If one street tells the story of modern Toronto, it might well be Ossington Ave.
At the start of the 1980s, it was a grimy, run-down artery few bothered to visit — except those looking for a cheap lunch, a used car, a rebuilt transmission or the Centre for Addiction and Mental Health on Queen St.
Then, unexpectedly, late in the first decade of the 21st century, Ossington, especially lower Ossington between Queen and Dundas, became hip. Very hip.
Every couple of days, it seemed, another bar opened, another restaurant popped up, another nightclub …
Things grew so hot that by May 2009, Toronto Deputy Mayor and local Councillor Joe Pantalone had persuaded city council to approve a ban — technically, an interim control bylaw — on new restaurants on what was now known as the Ossington Strip.
It mollified the neighbours, who had deluged Pantalone’s office with complaints.
According to the neighbours, the new places were clogging the street and keeping them awake until all hours of the night. Even worse, these recent arrivals were ruining the area’s unique charm, destroying the qualities that made it such a special neighbourhood.
Though no one could explain the charm of a used-car lot, the locals seemed to think it was somehow essential to their well-being.
As has happened so many times in so many cities — including Toronto — developers followed the action all the way to Ossington to see what opportunities awaited them in the virgin territory of this West End precinct.
By then, a stacked townhouse scheme was under construction on Ossington from north of Argyle St. all the way to Halton St.
Though it presents as blank a façade, as one can imagine onto the street, it seems to have been approved without a peep from the neighbours or city hall. This despite the fact that everything about it is inappropriate.
It sucks the life off a street that is overwhelmingly commercial in nature. It offers nothing but dead space, a massive black hole on a street that history proves possesses all the ingredients for urban success.
As Ossington makes clear, however, that success doesn’t depend on great architecture, beautiful buildings or tree-lined avenues paved with cobblestones. Indeed, it remains a ratty afterthought of a road.
What it does have, however, is the rhythm of a street defined by narrow glass-fronted, sidewalk-oriented, pedestrian-scaled retail. These features create the sort of walkable landscape that can only be found in a city.
How ironic then, that when plans for a six-storey condo at 109 Ossington were revealed in 2012, the neighbourhood erupted.
In an outburst of NIMBYism, rare even in Toronto, locals raged about a building proposed for the site formerly occupied by a used-car lot and an empty warehouse. The residential mid-rise was too tall, too big, too new. It would block the sun and didn’t fit in with the context.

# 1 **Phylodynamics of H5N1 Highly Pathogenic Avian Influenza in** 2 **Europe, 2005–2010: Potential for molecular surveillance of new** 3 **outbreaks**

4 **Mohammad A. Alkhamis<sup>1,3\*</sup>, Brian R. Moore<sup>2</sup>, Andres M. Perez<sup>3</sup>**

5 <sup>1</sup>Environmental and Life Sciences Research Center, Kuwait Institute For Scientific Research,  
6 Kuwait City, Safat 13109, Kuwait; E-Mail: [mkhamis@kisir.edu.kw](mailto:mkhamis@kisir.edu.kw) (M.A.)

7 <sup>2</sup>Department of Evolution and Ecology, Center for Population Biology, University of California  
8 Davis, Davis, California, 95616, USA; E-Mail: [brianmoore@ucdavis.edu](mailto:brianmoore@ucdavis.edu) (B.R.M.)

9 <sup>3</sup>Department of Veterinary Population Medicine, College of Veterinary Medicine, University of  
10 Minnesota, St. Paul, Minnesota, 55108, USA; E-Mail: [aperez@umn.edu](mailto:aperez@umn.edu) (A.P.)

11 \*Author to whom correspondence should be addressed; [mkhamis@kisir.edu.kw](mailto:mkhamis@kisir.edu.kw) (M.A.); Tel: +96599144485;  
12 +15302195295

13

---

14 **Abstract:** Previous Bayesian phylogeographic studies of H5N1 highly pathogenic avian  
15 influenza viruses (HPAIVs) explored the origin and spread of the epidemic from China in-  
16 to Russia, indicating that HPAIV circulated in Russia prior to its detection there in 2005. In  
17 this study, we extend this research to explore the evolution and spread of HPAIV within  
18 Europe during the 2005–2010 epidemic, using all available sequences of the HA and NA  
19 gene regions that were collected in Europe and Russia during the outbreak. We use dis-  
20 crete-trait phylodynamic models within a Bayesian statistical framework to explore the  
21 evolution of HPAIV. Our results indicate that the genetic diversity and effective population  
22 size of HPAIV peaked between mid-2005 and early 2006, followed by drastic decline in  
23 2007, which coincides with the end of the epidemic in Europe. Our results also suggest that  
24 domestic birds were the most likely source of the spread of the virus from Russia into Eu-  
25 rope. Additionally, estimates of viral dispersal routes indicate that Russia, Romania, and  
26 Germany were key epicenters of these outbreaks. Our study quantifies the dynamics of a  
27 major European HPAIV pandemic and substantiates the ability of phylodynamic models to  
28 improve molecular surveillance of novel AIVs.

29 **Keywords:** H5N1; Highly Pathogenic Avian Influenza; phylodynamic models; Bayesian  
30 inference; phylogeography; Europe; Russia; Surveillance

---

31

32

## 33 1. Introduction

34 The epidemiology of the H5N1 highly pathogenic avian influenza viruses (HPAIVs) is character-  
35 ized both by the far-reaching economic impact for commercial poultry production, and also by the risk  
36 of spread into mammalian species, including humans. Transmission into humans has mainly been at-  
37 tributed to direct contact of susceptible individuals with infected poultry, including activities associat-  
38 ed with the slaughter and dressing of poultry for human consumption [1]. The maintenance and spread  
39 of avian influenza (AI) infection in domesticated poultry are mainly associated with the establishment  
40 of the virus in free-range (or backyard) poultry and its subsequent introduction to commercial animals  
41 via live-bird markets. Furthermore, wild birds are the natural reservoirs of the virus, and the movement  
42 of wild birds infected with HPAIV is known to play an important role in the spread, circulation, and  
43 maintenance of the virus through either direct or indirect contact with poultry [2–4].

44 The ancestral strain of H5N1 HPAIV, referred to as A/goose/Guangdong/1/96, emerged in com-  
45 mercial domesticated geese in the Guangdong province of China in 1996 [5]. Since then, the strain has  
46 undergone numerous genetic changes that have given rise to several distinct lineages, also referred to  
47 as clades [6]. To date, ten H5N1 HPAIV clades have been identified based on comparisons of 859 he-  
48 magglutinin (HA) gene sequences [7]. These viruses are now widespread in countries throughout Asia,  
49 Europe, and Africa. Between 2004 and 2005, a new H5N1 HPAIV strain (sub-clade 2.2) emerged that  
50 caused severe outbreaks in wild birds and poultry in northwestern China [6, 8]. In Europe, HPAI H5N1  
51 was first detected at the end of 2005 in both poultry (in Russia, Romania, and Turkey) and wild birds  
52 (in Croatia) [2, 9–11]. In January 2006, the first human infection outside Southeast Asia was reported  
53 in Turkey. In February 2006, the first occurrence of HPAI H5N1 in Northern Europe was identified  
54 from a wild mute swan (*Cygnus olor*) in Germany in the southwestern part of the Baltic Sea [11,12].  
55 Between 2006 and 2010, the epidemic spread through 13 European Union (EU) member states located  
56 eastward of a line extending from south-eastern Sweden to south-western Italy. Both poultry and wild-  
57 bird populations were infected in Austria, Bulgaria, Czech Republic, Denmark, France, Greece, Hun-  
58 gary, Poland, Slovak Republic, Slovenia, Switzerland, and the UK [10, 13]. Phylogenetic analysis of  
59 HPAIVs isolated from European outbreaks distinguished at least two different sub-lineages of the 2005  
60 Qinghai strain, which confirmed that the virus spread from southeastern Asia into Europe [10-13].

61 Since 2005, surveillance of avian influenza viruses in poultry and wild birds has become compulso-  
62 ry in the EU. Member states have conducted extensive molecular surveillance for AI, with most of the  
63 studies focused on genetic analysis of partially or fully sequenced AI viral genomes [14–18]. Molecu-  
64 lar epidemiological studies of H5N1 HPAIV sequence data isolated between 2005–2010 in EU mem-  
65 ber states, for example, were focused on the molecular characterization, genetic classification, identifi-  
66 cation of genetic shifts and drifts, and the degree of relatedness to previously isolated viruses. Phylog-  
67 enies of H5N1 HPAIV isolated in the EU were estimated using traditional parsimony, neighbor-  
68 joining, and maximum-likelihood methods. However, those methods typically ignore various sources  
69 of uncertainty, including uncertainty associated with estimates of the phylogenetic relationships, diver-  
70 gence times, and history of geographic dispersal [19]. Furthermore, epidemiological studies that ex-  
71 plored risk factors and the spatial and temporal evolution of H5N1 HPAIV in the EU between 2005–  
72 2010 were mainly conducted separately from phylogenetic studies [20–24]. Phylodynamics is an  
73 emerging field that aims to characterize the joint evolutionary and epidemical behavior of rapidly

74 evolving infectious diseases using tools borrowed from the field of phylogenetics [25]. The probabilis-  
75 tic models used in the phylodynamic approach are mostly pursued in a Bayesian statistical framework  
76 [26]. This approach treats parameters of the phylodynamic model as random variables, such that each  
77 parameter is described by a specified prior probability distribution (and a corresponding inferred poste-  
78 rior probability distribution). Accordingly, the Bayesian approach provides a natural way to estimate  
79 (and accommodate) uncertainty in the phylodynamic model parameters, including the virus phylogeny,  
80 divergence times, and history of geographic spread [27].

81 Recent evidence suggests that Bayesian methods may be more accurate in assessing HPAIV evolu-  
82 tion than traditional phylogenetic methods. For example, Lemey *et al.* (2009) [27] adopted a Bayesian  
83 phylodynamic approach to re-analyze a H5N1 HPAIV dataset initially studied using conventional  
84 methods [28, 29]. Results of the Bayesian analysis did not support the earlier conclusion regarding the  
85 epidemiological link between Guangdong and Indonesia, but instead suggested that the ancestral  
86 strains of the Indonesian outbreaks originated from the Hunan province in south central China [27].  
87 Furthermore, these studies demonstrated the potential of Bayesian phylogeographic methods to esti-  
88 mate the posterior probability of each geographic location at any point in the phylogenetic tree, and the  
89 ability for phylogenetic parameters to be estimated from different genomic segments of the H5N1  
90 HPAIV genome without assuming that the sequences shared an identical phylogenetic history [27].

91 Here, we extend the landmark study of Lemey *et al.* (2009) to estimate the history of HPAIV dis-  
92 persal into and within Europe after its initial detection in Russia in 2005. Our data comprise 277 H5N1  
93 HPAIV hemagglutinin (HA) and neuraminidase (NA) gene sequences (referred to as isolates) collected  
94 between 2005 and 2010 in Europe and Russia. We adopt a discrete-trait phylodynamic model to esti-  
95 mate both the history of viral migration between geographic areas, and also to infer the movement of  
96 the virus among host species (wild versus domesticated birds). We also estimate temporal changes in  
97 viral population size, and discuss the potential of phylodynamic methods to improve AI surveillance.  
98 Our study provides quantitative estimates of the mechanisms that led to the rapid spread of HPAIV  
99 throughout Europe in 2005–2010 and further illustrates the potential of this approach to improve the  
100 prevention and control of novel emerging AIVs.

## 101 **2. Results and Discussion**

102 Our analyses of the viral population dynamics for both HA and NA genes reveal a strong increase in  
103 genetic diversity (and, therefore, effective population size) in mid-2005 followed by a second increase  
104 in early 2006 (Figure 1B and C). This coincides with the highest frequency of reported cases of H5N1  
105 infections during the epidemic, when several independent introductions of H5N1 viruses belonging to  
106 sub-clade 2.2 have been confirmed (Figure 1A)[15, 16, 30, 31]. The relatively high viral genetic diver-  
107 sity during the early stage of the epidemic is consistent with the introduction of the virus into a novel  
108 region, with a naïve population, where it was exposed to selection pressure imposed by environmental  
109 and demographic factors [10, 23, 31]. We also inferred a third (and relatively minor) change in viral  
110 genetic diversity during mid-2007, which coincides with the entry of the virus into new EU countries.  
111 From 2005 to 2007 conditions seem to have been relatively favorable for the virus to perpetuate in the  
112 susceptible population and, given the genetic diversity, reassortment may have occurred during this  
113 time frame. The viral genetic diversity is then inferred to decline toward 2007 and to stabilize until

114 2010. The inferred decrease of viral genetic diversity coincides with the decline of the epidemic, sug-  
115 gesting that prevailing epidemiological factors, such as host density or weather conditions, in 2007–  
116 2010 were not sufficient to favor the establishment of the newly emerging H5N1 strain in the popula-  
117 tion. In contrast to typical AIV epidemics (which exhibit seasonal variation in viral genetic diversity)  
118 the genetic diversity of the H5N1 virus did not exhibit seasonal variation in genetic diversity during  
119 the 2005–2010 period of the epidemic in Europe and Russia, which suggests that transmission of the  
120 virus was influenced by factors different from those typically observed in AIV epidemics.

The complaints were nasty and misguided. But they managed to slow down the approval process. And even now, fully seven years later, construction continues. Residents moved in last fall but the at-grade retail is still empty.
“Any time we develop on a main street,” says Shane Fenton, vice-president of Reserve Properties, “we try to be very supportive of the street. You hope your project will be something you can do without this sort of interference. But it was the same thing with the mid-rise condos we’re doing in the Beach.”
It must be the word “condo” that residents find so terrifying. Certainly, it wasn’t height.
Ossington can absorb a six-storey building with ease. Unlike the townhouse farther north, 109 crucially saves the ground floor for retail. Its four storefronts are sold, but until work is completed in a month or two, they will remain unoccupied.
“Those townhouses are a bit of a dead zone,” Councillor Mike Layton admits.
“I suspect that if they were built today you’d see retail at grade. The new area plan for Ossington calls for street-level retail and even the second floor if you like.”
But as he also notes, “Noise bylaws and zoning bylaws don’t interact very well.”
The truth of Layton’s words is confirmed by the numerous window signs exhorting patrons to keep it down when leaving their restaurant or bar.
As often as not, Toronto’s planners have no idea what they’re doing.
Regardless, Ossington is a street and neighbourhood in transition. The forces of gentrification have arrived and are intent on adding density, as well as raising the tone of the surroundings. In this way, it is symptomatic of a city undergoing greater change than ever in its history.
However hard it can be to accept the claims of the NIMBY hordes, the process of growth has been difficult for all involved. It’s obvious 109 Ossington is a positive addition to the area. But what happens when a neighbourhood’s new-found popularity makes it unaffordable?
These problems may be a direct consequence of success, but they are no less intractable for it.
The return to the city that began 20 or 25 years ago has put Toronto under enormous pressure.
As poverty is increasingly shoved to the suburbs, the question of how to keep Toronto open and available to more than the rich has never been more urgent. But whatever the solution may be, it continues to elude us.